Home Automation with DIY IFTTT Trigger

By on January 13, 2014

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Project Summary:

We built an Arduino-based DIY motion detector and trigger IFTTT events from it. You may create IFTTT recipes for receiving email if someone is inside the house or switching a Belkin WeMo when you walk into a room. The motion detector talks to IFTTT using our cloud service Lithouse (https://www.lithouse.co/).

You can make any DIY device and use Lithouse (https://www.lithouse.co/) to talk to IFTTT.

Full Project:

In this project, we will build a motion detector and trigger IFTTT events from that device. As the motion detector cannot directly connect to IFTTT, we will use Lithouse as the broker.



Step1: Building the DIY Motion Detector



You will need the following components:

  • LED, Breadboard and some Wires.


Please connect these components as shown in the image.

  • Mount the Ethernet Shield on Arduino.
  • Connect the 5V and GND pin of the PIR to the respective heads of the Arduino Ethernet Shield.
  • Connect the PIR’s output pin to the pin #2 of the Ethernet Shield.
  • Connect the negative (short) leg of the LED to GND of the Shield.
  • Connect the positive (long) leg of the LED to one of the end of the 330 Ohm resistor.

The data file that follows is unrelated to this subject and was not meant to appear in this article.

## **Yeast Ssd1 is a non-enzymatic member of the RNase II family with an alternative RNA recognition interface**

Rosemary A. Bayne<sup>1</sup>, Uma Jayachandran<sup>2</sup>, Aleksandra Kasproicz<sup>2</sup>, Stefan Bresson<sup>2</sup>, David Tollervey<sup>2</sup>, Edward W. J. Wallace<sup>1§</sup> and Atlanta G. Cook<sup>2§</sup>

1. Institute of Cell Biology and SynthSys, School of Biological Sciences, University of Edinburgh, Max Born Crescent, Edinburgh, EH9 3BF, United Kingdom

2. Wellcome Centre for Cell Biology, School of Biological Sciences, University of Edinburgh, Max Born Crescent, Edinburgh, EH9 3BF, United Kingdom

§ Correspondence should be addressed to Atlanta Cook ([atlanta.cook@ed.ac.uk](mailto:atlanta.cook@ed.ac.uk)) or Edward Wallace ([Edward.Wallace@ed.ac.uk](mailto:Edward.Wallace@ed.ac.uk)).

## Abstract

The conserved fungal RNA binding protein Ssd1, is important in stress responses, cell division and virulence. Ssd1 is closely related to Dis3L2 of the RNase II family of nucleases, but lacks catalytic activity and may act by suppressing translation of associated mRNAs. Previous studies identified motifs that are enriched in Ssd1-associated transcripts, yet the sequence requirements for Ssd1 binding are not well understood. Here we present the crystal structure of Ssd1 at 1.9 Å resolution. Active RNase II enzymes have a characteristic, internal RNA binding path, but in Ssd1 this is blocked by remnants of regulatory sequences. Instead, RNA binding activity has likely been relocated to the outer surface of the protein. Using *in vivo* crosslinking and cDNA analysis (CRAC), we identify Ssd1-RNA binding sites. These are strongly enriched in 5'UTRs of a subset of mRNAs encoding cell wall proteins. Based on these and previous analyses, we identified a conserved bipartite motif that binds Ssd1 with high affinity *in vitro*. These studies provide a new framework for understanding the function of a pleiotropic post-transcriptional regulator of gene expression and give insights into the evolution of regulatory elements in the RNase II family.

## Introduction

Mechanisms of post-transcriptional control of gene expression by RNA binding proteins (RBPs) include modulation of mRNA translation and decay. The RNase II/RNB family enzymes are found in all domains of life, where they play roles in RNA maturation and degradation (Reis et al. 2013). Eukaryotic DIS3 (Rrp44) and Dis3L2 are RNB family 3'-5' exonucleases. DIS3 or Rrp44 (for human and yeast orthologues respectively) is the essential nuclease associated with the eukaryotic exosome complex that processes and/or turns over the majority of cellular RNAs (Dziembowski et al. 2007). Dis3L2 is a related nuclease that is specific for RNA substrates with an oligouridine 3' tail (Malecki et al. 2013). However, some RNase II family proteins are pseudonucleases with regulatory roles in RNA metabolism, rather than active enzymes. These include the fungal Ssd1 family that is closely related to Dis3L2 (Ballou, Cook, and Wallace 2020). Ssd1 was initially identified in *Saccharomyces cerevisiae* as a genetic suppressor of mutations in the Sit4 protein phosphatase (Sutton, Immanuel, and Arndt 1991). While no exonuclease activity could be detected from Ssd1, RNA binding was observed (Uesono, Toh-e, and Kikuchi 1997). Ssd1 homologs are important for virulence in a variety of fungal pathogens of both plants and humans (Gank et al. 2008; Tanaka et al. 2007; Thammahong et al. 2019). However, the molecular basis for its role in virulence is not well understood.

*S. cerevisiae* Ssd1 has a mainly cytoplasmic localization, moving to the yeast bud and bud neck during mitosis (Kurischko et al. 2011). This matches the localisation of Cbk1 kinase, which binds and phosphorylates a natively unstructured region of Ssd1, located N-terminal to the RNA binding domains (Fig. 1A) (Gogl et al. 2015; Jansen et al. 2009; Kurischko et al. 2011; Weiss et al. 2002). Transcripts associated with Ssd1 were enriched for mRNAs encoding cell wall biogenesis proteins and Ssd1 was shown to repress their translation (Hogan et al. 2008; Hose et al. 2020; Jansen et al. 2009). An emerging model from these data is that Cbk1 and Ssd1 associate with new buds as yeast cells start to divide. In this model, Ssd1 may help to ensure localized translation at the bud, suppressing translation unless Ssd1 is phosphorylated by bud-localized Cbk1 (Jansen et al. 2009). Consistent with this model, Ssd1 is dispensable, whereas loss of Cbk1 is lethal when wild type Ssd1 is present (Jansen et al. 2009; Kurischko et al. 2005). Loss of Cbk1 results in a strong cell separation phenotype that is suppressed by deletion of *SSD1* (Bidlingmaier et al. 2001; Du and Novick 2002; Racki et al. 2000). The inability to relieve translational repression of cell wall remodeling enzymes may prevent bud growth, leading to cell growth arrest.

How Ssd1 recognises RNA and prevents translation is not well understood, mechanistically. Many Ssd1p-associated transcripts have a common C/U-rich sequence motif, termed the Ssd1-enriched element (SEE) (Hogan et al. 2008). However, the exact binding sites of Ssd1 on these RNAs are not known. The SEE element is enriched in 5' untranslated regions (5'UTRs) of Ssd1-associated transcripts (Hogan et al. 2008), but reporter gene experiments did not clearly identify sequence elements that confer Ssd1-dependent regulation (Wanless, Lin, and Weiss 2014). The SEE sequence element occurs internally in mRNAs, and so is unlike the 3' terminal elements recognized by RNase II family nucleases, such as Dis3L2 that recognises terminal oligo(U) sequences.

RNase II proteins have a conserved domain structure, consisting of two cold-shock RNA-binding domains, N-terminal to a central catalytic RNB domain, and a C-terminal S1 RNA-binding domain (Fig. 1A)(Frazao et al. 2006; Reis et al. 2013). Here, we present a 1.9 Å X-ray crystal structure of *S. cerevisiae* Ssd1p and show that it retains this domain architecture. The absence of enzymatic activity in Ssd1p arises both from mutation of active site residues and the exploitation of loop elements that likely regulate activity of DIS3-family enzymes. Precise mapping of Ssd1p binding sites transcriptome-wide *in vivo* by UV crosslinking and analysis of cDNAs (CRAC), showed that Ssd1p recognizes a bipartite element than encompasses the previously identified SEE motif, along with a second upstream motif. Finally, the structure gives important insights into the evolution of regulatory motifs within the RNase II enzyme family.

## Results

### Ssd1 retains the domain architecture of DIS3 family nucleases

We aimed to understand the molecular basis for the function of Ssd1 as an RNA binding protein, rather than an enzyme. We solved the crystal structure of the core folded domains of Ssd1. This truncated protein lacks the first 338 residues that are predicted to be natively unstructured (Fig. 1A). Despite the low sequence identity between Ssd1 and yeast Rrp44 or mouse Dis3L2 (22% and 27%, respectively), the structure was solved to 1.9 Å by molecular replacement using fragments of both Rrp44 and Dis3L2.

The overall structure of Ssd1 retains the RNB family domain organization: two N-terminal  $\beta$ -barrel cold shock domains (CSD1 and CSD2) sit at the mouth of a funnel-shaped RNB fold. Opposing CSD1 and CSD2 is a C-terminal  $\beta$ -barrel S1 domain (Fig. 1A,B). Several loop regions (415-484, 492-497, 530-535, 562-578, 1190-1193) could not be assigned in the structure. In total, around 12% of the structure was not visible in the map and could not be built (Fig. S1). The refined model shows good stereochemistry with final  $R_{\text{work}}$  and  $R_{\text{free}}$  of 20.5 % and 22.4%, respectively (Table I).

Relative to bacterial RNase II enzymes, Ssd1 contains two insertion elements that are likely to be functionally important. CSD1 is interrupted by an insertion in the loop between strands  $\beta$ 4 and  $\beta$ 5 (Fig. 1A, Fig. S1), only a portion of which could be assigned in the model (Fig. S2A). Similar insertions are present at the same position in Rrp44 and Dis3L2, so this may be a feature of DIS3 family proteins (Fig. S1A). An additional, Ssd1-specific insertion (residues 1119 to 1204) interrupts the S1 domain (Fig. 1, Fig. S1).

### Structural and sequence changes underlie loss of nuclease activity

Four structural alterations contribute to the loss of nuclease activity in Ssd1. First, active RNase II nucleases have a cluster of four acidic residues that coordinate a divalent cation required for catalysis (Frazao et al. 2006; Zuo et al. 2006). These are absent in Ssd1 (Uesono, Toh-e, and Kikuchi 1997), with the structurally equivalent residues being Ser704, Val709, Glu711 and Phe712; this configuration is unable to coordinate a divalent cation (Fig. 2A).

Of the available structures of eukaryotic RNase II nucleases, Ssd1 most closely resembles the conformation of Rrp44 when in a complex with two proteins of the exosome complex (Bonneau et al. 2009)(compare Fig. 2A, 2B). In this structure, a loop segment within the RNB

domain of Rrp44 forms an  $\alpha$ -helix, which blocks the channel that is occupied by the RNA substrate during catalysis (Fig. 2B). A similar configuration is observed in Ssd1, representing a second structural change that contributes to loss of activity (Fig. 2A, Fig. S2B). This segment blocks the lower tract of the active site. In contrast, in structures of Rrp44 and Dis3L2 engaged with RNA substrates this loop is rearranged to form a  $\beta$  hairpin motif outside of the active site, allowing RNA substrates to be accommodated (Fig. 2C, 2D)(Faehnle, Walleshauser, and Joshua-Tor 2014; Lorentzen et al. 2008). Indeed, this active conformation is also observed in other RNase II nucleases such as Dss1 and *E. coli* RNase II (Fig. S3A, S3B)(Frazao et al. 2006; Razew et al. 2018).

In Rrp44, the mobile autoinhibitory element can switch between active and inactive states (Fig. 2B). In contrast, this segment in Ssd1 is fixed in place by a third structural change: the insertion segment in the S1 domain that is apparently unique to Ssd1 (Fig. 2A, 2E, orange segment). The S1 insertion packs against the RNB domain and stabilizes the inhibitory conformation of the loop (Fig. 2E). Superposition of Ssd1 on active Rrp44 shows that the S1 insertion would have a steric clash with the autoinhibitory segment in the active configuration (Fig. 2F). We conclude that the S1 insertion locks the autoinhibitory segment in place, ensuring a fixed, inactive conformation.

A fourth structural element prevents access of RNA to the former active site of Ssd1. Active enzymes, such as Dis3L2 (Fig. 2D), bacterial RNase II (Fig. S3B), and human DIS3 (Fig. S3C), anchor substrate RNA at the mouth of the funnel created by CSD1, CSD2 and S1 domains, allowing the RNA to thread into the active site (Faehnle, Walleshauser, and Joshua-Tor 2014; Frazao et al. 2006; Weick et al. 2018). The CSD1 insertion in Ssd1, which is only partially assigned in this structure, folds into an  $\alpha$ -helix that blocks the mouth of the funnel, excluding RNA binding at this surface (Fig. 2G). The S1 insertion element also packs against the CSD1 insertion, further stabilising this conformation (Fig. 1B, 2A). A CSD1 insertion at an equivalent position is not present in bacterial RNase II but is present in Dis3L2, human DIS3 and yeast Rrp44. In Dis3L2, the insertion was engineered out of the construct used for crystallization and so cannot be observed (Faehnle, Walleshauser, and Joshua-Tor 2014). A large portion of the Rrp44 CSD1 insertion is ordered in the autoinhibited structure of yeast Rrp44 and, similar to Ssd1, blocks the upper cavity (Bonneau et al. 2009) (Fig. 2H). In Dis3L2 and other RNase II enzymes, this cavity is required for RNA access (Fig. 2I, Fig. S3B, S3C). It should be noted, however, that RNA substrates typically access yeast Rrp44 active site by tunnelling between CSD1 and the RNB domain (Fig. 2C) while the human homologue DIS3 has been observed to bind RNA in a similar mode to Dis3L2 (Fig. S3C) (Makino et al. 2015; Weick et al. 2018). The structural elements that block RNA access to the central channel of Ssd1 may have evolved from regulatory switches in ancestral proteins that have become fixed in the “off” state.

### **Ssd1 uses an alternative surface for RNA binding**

• Connect the other end of the 330 Ohm resistor to the pin #7 of the Shield.

Step2: Register with Lithouse


Now, let us register the device with Lithouse:

  • Go to Devices tab and click the ‘+‘ button. A new window will show up.
  • Provide a meaningful name and description for your device group.
  • Then hit Add.

Step3: Software Setup


We are going to setup the Arduino development environment and configure the device:

  • Go to the Arduino IDE’s home folder. Then go inside the libraries folder. Now, unzip Lithouse client library here and rename it to Lithouse.
  • Launch the Arduino IDE. Open LithousePIR (File > Examples > Lithouse > LithousePIR).


You may have noticed that the device key is missing in the LithousePIR sketch:
char deviceKey [] = "YOUR_DEVICE_KEY"; 
We need to update this with an actual key.

  • Go back to Devices tab and expand the group you just created by clicking the ‘+‘ on the left of group name.
  • Then click the ‘copy’ icon beside the device key to copy it into the clipboard.
  • Paste the device key in your sketch.

The program is now ready. Please upload it to Arduino. 
You can test by moving a hand in front of the PIR sensor. The LED should turn on.

For more information regarding setup and debugging, please visit our tutorial.

Step4: Activate IFTTT


At this stage, the device is connected to Lithouse. But, it cannot trigger IFTTT events yet. That will happen once you activate IFTTT on Lithouse:

  • Open your profile and click on activate.
  • Once you hit Verify, you will receive a verification email from Amazon Web Service (We use AWS for sending emails to trigger@ifttt.com on your behalf).
  • Please check your inbox and accept the verification request.

Step5: Sample Recipe

Congratulations! Your DIY Motion Detector can now trigger IFTTT events. Here is a recipe for turning on a WeMo switch. You may change the ‘that’ part of the recipe based on your needs. 

Please contact us with your questions and suggestions.



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